Of the 268 species sampled, 33 spp. (12.3%) were data deficient and could not be identified to species level, 13 of them possibly being new to science (Table 3). However, these putative new species are representatives of species-rich families, and only after revisionary studies would it be possible to tell whether they are indeed new to science. Only the endemic species falling into categories 3–6 (75 spp., 29.0%) need to be evaluated using the International Union for Conservation of Nature (IUCN) criteria. The majority of the species sampled have a wide distribution in southern Africa or the Afrotropical Region and can be listed as LC (160 spp., 59.7%), while only 75 spp. (28.0%) are South African endemics.

TABLE 3: Level of endemicity of the spider species sampled at the Lekgalameetse Nature Reserve.

Two species are so far unknown outside the reserve, Hasarinella distincta Haddad & Wesołowska, 2013 (Salticidae) and Ballomma legala Jocqué & Henrard, 2015 (Zodariidae), while five Limpopo endemic species are protected in the reserve: Hortipes coccinatus Bosselaers & Jocqué, 2000 (Corinnidae), Xevioso lichmadina Griswold, 1990 (Phyxelididae), Euophrys limpopo Wesołowska, Azarkina & Russell-Smith, 2014 (Salticidae), Rumburak tuberatus Wesołowska, Azarkina & Russell-Smith, 2014 (Salticidae) and Palfuria spirembolis Szuts & Jocqué, 2001 (Zodariidae).

During this study, new distribution and life history data on several species have been collected. Two species have been recorded from South Africa for the first time: Ctenus caligineus des Arts, 1912 (Ctenidae), a species previously only known from D.R. Congo and Burundi, and Belippo calcarata (Roewer, 1942) (Salticidae), a species previously known only from Angola and D.R. Congo. Many described species are known only from one sex, and during this survey the unknown sex of three species was sampled but has not yet been described: the females of Hogna adjacens Roewer, 1959 (Lycosidae), Anyphops leleupi Benoit, 1972 (Selenopidae) and Tmarus natalensis Lessert, 1925 (Thomisidae).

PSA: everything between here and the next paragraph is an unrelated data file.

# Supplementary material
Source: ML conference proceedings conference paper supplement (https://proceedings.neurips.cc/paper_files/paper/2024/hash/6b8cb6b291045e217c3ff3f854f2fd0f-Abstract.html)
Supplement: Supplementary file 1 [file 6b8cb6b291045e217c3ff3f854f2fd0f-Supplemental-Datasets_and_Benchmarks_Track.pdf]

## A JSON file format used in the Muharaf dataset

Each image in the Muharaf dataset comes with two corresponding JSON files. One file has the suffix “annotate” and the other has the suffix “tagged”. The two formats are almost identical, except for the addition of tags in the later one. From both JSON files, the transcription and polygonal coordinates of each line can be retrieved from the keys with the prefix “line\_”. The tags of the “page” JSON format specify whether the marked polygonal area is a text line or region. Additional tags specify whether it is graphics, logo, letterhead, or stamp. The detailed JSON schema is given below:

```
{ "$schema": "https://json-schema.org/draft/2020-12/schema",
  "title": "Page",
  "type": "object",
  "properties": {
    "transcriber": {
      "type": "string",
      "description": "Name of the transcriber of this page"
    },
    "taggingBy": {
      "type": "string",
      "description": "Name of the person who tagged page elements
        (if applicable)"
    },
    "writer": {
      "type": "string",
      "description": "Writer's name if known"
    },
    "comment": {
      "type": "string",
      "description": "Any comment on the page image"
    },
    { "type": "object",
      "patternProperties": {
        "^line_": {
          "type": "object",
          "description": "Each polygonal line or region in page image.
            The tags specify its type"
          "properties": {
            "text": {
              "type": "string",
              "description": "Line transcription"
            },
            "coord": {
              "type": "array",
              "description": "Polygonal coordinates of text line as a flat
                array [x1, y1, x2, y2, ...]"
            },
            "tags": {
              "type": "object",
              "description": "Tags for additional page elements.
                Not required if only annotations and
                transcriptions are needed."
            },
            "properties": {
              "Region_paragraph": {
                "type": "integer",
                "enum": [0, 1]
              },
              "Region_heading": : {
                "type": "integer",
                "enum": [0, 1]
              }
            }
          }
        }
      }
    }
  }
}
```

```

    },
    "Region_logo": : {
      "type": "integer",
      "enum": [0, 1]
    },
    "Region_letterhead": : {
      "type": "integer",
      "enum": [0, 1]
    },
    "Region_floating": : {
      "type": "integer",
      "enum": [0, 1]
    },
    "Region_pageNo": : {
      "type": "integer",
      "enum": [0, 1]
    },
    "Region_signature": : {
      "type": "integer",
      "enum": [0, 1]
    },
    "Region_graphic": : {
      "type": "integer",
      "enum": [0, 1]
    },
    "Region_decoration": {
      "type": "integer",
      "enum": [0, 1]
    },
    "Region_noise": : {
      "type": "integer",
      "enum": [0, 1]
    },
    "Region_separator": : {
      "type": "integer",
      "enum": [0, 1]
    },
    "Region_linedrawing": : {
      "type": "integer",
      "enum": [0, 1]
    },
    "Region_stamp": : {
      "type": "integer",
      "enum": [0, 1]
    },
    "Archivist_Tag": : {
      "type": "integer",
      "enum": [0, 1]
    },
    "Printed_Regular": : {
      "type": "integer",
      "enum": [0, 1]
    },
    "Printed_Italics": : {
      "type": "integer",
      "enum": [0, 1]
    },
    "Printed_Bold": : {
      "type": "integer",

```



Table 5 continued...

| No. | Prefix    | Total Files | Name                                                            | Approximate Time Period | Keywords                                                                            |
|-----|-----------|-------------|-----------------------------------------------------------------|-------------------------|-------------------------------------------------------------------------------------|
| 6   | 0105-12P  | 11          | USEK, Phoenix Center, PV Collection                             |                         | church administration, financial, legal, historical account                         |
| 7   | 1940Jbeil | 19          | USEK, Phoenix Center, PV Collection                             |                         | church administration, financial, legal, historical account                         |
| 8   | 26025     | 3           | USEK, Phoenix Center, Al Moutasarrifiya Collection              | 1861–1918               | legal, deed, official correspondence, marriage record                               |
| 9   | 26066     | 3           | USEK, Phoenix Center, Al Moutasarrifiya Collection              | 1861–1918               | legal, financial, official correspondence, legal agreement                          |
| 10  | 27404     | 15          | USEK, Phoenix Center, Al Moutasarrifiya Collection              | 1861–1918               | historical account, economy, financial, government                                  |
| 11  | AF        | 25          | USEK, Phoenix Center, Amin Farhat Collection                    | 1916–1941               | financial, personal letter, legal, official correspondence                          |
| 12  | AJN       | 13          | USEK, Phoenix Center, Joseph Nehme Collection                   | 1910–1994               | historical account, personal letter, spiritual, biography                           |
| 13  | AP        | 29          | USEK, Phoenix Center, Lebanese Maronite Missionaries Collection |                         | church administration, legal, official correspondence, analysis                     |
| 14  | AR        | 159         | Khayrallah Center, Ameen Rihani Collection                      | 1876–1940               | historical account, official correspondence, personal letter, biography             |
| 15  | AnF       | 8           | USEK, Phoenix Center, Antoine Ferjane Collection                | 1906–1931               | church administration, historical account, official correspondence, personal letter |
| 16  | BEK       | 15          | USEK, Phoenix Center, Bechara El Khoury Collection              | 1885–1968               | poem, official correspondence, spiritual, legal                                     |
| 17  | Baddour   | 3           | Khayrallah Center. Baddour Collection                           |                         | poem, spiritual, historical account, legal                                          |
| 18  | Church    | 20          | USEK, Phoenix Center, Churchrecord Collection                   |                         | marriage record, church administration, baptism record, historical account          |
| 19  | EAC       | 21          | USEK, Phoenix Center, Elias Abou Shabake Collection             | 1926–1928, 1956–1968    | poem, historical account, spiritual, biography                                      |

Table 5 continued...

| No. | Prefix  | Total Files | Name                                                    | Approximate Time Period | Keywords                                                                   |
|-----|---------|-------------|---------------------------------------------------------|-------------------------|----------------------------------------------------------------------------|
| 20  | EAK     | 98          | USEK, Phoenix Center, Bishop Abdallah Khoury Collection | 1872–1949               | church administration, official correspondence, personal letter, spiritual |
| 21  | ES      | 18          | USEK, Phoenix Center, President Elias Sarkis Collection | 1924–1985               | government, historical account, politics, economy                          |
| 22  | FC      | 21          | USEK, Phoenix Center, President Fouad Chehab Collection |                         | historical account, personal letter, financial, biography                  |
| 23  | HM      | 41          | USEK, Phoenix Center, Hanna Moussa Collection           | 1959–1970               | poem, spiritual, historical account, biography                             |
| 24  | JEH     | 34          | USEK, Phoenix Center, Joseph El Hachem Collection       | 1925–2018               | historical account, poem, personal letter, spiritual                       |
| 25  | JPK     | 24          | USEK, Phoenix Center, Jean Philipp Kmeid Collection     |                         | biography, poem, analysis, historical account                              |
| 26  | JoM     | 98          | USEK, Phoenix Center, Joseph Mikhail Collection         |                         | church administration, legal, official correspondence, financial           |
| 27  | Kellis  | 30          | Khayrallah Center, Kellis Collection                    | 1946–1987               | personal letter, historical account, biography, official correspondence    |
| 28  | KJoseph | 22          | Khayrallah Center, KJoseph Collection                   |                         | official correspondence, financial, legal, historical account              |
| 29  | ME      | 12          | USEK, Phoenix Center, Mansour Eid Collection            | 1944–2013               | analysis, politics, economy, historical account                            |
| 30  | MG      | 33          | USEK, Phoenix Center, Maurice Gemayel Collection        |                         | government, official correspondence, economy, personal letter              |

Only 5 species, H. distincta, Heliophanus ndumoensis Wesołowska & Haddad, 2013, Langona hirsuta Haddad & Wesołowska, 2011, Thyenula sempiterna Wesołowska, 1999 and B. legala were previously recorded from the LNR (Haddad & Wesołowska 2013; Wesołowska et al. 2014; Jocqué & Henrard 2015) and 263 spp. are recorded from the reserve for the first time. Presently, 2220 spider species are known from South Africa, thus 12.2% of South African species are protected in this reserve.

Family diversity

Results from the Savanna Biome indicated that four spider families consistently dominate assemblages in terms of species richness (Foord et al. 2011b): Araneidae, Gnaphosidae, Salticidae and Thomisidae. In this study, three families correspond to this pattern, with the Salticidae (41 spp.), Araneidae (38 spp.) and Thomisidae (32 spp.) being the most species rich. The only deviation was the high diversity in the Theridiidae (20 spp.), while the Gnaphosidae was represented by only 9 spp. (Table 2 and Online Appendix 1). The low diversity of Gnaphosidae could be explained by their generally higher diversity in more arid savanna habitats in South Africa, while most of the sites in Lekgalameetse are mesic in character.

Salticidae: The Salticidae are free-living spiders found on tree trunks, soil, rocks and vegetation. They build small silk nests attached to various substrates, in which they moult, oviposit and sometimes mate, or which they occupy during periods of inactivity (Dippenaar-Schoeman 2014). Of the 41 spp. sampled, 37 are new records for the LNR, 1 is a LNR endemic (H. distincta), Belippo calcarata is recorded from South Africa for the first time and the Rhene sp. has been identified as possibly new to science (data deficient). Three other species are LE (7.3%), a further 9 species are South African endemics (21.9%), 10 species are southern African endemics (24.4%), while the rest (18 spp., 43.9%) are more widely distributed in Africa (Online Appendix 1).